“In the draft room [where the team decides which players to sign], we will always spend more than half the time talking about the person rather than the player,” he has said. “We ask our scouts to provide three detailed examples of how these young players faced adversity on the field and responded to it, and three examples of how they faced adversity off the field.”

Epstein is well known for empowering a “geek department” inside his baseball teams. Yet instead of perceiving a conflict between science and the human realm, he sees the two as part of the same big picture. He craves players with character who can benefit from the insights of science.

“Character” is a vexed subject inside sport. It sets off uncomfortable associations. Talking too much about character – building it, or even just valuing it – sounds dangerously close to endorsing an amateur ethos. Victorian public schools often celebrated sport explicitly in opposition to intelligence, even achievement. H H Almond, the headmaster of Loretto from 1862, got an A for candour (if nothing else) when he ranked his school’s priorities: “First – Character. Second – Physique. Third – Intelligence.”

The Victorian notion of games cast a long shadow over sport and society in the 20th century. The first phase of ultra-professionalism, in the office as well as on the sports field, was a reaction to Almond’s set of values. The concept of character was recast as a consolation prize, doled out to the class dunce or the twelfth man. Crucially, reformers and nostalgics alike bought in to the historical perception of a separation or conflict between character, intellectual life and sporting achievement.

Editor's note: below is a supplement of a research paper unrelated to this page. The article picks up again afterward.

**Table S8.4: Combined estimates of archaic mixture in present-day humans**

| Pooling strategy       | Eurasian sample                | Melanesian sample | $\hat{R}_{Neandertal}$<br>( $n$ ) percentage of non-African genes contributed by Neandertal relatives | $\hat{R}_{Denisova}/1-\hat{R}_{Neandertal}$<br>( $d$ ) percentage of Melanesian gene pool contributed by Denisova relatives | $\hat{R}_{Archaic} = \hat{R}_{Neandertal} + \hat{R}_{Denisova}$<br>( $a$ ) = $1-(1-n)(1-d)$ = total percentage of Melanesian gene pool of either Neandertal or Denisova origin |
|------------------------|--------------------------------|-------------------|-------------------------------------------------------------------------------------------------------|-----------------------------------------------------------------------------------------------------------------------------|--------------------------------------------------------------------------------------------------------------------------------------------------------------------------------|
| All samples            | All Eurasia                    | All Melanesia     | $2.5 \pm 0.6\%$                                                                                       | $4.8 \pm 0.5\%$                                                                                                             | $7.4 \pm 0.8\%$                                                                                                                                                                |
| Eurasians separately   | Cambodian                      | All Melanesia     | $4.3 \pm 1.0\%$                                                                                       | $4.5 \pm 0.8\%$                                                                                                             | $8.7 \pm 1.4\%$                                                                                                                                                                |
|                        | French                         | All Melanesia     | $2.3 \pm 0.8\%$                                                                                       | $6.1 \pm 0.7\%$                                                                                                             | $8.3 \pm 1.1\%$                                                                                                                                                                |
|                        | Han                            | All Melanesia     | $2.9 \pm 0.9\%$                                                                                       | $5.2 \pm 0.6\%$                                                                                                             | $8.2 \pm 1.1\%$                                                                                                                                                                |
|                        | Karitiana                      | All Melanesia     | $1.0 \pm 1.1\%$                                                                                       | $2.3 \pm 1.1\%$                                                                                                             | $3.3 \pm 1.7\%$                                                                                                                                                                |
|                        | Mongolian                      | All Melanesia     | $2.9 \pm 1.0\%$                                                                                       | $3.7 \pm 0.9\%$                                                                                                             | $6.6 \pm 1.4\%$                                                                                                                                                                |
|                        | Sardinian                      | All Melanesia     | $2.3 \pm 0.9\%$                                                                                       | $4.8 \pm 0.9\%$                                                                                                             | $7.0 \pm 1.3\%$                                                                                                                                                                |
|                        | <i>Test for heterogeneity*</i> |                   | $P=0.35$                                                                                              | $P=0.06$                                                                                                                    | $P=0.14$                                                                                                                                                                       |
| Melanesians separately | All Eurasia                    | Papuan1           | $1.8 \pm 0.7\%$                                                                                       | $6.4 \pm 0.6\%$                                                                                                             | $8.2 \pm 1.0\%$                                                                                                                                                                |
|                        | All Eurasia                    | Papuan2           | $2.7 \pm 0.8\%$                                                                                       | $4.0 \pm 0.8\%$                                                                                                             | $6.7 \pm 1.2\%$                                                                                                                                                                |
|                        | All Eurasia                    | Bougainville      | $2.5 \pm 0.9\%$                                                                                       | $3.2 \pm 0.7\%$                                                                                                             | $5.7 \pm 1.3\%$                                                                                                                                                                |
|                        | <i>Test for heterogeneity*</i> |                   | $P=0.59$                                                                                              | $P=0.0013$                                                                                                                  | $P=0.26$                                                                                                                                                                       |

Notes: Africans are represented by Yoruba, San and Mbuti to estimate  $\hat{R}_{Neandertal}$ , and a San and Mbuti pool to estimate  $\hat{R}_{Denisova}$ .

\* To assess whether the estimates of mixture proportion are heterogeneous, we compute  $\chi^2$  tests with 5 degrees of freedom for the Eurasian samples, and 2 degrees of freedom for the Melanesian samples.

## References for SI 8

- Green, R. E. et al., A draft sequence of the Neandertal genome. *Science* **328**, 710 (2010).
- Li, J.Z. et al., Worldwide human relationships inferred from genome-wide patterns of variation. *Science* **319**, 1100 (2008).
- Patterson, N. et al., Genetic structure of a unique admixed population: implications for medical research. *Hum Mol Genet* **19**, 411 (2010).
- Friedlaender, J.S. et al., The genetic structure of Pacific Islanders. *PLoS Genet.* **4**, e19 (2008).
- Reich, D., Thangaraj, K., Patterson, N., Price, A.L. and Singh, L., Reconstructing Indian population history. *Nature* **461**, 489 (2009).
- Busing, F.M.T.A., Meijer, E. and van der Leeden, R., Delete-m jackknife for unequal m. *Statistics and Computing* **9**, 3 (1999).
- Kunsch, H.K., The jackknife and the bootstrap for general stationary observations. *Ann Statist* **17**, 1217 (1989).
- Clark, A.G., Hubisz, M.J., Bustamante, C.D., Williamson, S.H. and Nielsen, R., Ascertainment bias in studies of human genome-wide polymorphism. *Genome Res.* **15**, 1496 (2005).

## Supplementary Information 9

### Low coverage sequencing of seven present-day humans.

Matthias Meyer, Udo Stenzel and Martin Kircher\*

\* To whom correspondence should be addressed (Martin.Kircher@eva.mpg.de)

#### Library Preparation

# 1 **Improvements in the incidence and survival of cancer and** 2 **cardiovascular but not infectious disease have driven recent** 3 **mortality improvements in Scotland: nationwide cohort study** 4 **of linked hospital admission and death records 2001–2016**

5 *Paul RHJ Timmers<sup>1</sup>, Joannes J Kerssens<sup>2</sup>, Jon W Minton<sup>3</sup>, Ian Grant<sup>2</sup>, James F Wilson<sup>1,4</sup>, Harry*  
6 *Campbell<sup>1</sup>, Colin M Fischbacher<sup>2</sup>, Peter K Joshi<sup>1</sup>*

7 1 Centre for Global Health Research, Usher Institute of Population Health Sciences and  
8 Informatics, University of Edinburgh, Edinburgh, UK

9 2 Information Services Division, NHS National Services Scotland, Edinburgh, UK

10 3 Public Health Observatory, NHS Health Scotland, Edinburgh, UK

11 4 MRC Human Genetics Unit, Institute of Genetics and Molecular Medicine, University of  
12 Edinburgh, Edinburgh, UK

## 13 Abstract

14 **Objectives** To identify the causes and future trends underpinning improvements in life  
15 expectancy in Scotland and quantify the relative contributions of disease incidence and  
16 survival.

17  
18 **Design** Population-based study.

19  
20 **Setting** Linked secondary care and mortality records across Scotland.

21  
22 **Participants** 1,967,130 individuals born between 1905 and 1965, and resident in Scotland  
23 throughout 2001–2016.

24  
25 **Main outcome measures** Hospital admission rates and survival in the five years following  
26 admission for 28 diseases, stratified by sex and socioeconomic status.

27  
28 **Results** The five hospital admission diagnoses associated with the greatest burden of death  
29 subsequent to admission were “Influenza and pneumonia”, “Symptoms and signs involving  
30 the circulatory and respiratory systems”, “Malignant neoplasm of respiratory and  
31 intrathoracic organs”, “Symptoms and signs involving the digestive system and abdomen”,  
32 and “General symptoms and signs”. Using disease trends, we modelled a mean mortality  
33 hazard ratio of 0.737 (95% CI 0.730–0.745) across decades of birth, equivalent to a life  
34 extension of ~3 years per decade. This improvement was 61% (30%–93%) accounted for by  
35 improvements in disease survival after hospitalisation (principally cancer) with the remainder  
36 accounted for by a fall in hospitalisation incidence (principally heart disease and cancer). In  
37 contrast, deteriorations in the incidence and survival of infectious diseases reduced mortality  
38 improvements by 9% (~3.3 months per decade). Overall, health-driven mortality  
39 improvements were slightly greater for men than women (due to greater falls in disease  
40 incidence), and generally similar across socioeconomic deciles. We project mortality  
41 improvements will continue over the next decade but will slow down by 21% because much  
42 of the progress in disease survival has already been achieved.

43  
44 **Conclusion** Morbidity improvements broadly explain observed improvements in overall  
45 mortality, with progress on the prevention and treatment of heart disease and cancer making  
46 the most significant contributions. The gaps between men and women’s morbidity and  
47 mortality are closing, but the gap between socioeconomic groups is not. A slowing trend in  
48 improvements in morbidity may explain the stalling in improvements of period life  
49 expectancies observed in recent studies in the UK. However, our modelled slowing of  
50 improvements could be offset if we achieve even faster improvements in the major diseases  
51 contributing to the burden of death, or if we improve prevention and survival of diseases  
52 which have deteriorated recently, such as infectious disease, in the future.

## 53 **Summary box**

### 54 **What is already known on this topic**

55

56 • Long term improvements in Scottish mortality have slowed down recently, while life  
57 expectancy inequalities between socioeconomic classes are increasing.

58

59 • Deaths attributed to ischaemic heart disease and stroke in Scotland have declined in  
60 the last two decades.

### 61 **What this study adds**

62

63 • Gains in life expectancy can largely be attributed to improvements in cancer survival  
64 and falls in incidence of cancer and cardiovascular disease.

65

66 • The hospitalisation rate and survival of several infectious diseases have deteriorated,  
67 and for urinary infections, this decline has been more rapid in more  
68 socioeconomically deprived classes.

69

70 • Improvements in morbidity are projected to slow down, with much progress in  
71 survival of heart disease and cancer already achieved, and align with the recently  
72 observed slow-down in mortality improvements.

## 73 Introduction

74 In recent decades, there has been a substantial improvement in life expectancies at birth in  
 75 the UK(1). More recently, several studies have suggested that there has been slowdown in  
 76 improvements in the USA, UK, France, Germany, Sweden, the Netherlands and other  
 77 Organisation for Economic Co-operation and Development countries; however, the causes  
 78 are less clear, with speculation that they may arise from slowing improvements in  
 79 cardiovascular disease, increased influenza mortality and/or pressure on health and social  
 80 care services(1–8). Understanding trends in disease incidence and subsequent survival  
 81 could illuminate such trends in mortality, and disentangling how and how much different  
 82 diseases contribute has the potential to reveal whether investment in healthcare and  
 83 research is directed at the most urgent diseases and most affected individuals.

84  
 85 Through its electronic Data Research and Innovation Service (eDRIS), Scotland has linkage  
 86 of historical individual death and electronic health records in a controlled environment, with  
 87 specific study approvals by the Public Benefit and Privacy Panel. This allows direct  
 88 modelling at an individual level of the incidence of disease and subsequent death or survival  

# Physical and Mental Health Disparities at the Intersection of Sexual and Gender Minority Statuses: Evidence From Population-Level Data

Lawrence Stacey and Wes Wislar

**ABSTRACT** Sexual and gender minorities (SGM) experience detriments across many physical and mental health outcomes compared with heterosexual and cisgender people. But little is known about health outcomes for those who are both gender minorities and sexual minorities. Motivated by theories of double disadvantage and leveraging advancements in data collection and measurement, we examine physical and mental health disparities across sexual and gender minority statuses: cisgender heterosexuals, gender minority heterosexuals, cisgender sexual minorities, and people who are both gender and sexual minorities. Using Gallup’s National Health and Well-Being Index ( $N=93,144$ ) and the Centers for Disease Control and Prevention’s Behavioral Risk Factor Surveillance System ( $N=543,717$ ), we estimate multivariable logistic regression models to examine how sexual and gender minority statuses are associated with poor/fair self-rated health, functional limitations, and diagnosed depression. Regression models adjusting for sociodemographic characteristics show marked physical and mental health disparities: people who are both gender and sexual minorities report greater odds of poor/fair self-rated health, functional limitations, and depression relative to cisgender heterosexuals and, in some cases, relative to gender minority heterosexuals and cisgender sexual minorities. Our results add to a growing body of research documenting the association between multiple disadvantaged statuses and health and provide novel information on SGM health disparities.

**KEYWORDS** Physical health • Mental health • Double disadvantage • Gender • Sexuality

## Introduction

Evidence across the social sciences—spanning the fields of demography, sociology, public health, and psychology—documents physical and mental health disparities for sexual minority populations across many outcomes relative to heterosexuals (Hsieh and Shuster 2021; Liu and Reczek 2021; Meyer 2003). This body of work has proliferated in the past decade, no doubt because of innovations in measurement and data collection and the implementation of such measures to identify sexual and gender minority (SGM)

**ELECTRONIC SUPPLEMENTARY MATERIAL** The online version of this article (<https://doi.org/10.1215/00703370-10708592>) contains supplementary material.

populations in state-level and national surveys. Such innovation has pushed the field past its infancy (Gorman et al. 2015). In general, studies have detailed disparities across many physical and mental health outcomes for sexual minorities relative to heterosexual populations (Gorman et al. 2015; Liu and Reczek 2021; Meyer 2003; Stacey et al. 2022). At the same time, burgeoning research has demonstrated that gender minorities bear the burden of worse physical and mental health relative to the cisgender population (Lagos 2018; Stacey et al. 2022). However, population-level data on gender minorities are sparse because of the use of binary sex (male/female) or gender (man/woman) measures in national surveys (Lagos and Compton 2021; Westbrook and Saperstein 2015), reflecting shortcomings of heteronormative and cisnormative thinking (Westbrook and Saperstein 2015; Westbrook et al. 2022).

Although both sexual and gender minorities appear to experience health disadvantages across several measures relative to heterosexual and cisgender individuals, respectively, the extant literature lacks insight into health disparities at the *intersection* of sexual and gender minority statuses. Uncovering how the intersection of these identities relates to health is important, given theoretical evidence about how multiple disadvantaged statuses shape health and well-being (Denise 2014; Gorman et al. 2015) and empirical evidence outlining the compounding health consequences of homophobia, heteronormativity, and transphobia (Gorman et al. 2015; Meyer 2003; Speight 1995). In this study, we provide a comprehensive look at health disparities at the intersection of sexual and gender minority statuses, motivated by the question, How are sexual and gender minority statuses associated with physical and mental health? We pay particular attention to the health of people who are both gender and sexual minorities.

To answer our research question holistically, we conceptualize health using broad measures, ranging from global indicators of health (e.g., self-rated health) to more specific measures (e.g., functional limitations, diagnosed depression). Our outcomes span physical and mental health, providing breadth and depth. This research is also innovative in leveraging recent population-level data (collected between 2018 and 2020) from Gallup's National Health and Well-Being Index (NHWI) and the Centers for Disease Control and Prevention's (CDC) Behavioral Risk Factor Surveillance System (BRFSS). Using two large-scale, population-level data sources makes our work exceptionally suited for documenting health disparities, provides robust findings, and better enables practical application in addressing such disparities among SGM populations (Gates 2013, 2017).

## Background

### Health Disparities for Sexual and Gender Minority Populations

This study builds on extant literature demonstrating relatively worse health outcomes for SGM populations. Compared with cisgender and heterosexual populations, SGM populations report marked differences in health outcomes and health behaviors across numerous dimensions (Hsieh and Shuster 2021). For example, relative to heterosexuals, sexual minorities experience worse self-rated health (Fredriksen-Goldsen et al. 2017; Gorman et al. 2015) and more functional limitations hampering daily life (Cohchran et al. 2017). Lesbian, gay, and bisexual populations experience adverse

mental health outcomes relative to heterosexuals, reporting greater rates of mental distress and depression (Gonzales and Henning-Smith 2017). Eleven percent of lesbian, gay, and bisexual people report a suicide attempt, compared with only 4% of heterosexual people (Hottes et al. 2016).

The Cubs, however, know better. To adapt Almond’s clumsy saying: intelligence and physical skills derive, significantly though not entirely, from character. Character is now being understood not as the destination, but the foundation, even the process.

This is an overdue reassessment. In the loosest terms, I would identify three phases in the development of professional sport. Phase one optimised the body. Sadly, though we are still inching forward, the human body is now reaching the outer wall of virtuosity. All sports will tail off in speed of progress, in terms of pure physicality.